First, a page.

ISSN (Print) - 0012-9976 | ISSN (Online) - 2349-8846

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Responsibility Principle and the Climate Crisis


The public response to the evergrowing climate crisis is receiving attention both at the level of experts, policymakers and government officials on the one hand and social groups across different ages and geographical contexts on the other. It is equally true that the efforts made by both do not always work in tandem. In fact, and very often, they work in isolation if not in direct opposition. Hence, in the discourse on climate change, one can notice at least two main strands. One strand seems to be taking a realist turn and is articulated by some experts, policymakers and the government bureaucrats. Those who work along the lines of realism generally make a claim that, in comparison to the common people, they have special expertise and perhaps know more about the climate crisis. Realism, which may have global concern at its core, however, works through high-profile deliberative processes that are selective and complex.

Deliberations on the climate crisis are seen as processes involving heavy inputs of management skill, scientific knowledge, and technical expertise to not only bring forth varied dimensions of the issue, but also to produce a workable solution to the climate crisis. The adoption of international laws has been one of the possible solutions that has been suggested by international agencies from time to time. But to the disappointment of the official realist, some nations and the big players in the business do not seem to respect the environmental laws. In such circumstances where the erring nations fail to take responsibility for flaunting the laws and undermine the suggestions made by the experts, it becomes unavoidable to fix responsibility on such nations. This point has been perceptively brought out in the essay “Paris Agreement: Differentiation without Historical Responsibility?” by Kirit S Parikh and Jyoti K Parikh (EPW, 9 April 2016) and by T Jayaraman’s recent article “Vaunting Rhetoric versus Grim Realities: Assessing the 25th Paris Conference” (EPW, 4 January 2020).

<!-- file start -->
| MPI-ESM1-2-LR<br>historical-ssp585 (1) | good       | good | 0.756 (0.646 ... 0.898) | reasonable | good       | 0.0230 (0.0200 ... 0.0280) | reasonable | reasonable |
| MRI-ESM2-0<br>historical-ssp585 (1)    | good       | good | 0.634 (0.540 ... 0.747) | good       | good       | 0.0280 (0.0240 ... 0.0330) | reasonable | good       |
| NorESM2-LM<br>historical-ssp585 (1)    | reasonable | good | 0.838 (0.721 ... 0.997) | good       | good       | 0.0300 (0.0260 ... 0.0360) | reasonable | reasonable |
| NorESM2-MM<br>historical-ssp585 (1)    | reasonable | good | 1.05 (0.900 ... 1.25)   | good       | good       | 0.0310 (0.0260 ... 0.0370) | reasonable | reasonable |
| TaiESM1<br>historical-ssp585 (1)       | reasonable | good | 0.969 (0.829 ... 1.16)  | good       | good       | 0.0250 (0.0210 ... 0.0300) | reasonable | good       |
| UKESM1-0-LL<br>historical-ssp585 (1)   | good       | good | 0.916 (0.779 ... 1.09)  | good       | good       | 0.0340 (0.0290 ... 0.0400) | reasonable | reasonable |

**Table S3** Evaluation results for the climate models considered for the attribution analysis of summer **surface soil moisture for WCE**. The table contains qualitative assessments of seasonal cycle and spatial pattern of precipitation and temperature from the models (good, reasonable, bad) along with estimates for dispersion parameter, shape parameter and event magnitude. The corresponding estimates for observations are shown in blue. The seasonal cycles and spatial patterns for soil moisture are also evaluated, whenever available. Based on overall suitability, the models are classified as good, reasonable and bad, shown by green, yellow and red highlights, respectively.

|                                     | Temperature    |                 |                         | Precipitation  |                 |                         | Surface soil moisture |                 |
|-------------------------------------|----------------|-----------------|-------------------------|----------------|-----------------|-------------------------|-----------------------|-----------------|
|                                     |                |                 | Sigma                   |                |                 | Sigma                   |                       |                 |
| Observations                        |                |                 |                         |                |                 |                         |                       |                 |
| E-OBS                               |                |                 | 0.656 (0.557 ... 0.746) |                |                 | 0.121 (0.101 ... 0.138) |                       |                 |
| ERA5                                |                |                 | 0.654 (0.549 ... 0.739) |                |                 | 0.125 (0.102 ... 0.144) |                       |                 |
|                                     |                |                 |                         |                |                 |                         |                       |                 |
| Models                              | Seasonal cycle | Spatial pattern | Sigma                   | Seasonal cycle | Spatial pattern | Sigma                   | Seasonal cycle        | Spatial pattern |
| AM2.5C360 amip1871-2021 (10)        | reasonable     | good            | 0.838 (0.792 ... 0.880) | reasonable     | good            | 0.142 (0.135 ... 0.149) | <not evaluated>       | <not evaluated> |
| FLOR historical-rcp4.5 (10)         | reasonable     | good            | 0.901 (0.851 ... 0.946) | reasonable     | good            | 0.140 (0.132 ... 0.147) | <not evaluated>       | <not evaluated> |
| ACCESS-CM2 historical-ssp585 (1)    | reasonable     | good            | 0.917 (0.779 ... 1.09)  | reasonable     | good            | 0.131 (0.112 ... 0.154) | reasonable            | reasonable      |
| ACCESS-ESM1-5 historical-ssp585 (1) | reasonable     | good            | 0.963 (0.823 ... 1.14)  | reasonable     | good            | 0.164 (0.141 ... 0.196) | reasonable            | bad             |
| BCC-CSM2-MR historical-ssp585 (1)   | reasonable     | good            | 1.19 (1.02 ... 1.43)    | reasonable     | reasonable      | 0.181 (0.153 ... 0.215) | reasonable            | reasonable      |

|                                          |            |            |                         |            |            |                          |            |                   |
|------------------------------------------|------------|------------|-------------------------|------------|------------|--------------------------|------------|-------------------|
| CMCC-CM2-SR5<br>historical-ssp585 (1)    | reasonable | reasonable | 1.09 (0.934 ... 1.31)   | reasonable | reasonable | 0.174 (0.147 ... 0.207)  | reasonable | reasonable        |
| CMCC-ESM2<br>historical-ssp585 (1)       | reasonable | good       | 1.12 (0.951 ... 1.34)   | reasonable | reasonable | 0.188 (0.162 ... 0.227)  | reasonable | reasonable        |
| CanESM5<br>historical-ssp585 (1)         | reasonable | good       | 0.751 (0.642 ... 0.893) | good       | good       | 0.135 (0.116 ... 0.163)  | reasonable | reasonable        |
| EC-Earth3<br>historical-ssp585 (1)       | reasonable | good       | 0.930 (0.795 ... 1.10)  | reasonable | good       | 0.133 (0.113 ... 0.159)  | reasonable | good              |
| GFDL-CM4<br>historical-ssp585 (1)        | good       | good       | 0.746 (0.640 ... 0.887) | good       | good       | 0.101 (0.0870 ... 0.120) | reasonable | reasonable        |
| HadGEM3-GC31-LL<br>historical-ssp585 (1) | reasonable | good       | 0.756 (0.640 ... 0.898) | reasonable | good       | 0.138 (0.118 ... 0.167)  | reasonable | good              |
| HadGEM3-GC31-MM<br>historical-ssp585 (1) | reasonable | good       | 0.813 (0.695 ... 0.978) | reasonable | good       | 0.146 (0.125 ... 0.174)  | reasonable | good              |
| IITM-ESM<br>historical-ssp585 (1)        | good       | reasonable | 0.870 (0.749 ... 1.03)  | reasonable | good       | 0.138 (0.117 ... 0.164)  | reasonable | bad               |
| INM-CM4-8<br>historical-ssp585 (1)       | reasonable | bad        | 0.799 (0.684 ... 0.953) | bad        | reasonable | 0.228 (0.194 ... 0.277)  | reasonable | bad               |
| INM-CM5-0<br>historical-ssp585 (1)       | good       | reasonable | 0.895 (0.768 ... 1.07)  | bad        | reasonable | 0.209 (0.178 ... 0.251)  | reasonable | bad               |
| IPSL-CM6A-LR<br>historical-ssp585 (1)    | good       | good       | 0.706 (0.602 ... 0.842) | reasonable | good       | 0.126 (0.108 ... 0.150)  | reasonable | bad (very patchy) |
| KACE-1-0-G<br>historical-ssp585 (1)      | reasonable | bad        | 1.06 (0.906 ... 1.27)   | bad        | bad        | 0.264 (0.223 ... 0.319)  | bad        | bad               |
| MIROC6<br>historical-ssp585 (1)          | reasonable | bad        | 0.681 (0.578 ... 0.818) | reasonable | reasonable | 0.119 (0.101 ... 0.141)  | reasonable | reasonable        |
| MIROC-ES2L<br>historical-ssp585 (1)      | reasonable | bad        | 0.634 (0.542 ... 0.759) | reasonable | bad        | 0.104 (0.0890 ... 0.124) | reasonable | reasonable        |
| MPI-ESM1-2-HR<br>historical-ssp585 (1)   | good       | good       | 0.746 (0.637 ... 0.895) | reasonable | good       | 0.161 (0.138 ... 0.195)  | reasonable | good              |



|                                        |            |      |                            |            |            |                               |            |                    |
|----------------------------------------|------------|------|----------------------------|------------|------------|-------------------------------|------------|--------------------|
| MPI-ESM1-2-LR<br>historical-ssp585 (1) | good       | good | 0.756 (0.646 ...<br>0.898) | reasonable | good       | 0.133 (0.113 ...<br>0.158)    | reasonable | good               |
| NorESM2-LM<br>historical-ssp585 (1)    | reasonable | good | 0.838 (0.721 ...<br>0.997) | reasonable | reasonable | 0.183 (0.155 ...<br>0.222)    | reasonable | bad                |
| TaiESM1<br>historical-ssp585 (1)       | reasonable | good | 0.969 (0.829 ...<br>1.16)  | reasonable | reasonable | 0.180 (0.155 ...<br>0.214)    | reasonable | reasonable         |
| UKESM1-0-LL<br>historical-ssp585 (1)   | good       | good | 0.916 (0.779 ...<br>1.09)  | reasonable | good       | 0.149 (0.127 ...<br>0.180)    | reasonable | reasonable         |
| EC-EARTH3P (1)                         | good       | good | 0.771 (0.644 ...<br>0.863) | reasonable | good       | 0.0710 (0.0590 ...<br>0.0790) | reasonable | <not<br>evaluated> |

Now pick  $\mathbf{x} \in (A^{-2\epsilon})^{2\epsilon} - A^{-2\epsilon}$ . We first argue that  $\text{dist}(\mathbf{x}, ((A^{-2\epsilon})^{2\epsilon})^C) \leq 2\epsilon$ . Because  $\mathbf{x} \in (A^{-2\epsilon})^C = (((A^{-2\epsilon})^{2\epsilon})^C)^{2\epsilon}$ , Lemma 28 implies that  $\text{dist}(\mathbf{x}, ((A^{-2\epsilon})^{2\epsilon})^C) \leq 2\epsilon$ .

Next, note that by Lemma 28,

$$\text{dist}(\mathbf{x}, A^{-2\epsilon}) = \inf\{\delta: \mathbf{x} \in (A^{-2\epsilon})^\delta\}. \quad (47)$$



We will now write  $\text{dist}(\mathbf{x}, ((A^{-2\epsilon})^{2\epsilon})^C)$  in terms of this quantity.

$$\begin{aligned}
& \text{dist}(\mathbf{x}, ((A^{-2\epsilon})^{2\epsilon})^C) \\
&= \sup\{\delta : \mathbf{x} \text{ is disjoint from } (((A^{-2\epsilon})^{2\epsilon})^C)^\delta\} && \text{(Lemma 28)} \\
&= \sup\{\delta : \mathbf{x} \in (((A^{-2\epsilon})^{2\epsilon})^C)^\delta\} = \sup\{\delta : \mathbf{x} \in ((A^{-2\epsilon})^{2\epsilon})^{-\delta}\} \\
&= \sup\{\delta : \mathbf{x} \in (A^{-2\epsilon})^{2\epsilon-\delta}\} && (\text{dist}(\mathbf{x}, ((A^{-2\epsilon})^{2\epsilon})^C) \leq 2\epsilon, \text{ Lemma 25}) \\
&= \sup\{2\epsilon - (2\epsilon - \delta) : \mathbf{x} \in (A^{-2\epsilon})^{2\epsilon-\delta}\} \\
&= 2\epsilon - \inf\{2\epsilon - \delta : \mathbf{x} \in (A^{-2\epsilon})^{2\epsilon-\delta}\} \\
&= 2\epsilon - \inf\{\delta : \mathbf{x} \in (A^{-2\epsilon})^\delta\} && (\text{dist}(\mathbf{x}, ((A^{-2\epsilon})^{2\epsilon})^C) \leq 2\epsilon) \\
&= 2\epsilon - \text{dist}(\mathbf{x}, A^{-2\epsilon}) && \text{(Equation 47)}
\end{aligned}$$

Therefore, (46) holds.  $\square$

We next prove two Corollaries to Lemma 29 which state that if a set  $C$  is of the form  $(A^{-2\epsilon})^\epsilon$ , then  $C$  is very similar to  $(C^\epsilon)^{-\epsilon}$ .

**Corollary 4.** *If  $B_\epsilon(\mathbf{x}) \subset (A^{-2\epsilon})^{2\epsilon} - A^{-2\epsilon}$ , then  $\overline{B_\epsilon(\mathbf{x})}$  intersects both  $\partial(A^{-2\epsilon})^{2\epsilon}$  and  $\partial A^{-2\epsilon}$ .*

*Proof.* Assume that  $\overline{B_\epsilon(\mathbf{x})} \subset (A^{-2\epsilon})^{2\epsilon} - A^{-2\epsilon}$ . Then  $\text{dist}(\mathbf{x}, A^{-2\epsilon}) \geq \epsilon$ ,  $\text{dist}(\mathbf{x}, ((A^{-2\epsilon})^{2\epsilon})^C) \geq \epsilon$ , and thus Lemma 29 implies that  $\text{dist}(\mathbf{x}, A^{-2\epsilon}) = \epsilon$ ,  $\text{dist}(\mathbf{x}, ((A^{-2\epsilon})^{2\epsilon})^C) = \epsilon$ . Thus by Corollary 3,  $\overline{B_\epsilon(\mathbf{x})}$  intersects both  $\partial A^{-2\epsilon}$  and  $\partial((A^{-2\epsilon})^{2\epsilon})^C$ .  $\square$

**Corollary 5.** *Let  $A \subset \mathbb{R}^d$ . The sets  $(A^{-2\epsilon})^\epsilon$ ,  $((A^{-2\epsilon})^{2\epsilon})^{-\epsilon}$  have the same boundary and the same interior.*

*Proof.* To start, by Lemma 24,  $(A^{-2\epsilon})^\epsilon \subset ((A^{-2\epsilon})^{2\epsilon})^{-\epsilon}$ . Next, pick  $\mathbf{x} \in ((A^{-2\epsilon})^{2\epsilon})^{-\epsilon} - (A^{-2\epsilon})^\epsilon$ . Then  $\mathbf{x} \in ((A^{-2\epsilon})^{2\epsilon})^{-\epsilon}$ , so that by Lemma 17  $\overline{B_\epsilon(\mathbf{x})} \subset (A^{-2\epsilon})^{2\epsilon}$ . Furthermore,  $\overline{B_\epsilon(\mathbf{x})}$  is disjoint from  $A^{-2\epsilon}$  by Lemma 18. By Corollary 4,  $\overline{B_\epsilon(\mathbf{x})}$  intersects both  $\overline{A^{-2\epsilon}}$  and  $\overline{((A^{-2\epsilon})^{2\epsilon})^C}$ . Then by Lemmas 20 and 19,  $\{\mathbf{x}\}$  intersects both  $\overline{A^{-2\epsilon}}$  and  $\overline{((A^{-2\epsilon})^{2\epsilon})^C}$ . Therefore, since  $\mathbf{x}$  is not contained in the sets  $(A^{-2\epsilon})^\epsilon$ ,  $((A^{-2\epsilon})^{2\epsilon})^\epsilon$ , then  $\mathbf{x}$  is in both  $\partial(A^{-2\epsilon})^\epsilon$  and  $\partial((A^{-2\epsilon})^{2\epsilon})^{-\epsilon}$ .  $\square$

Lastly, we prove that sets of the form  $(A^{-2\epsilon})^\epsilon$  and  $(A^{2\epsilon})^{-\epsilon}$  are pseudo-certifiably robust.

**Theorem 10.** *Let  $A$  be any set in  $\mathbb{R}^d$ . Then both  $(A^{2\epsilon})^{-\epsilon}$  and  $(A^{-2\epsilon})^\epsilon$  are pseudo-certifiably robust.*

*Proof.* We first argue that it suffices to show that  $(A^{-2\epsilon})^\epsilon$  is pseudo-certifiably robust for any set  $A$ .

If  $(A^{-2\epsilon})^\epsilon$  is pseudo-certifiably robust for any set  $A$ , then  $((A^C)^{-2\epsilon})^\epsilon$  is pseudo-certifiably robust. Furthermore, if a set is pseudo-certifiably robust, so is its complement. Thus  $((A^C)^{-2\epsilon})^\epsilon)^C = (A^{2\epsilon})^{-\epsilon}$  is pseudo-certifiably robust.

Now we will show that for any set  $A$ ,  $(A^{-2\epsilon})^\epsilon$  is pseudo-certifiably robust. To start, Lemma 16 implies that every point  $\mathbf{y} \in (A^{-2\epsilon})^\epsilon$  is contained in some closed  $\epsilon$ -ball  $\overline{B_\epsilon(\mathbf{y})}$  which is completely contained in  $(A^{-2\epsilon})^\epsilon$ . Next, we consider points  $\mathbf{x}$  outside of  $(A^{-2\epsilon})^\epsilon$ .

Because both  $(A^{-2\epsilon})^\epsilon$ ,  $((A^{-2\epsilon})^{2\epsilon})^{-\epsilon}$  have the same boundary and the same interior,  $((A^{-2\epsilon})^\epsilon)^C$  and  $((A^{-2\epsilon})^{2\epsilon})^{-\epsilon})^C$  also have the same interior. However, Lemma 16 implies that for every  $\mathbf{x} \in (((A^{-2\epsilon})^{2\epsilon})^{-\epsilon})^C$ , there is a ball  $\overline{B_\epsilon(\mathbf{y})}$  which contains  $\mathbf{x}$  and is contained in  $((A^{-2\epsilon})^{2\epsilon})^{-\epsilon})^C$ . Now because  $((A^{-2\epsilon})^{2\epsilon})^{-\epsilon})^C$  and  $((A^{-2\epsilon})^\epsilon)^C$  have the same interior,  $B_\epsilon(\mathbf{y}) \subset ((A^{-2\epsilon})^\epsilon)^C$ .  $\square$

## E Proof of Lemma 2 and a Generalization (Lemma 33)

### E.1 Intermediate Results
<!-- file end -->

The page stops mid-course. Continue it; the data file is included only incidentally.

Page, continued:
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Updated On : 21st Jul, 2021
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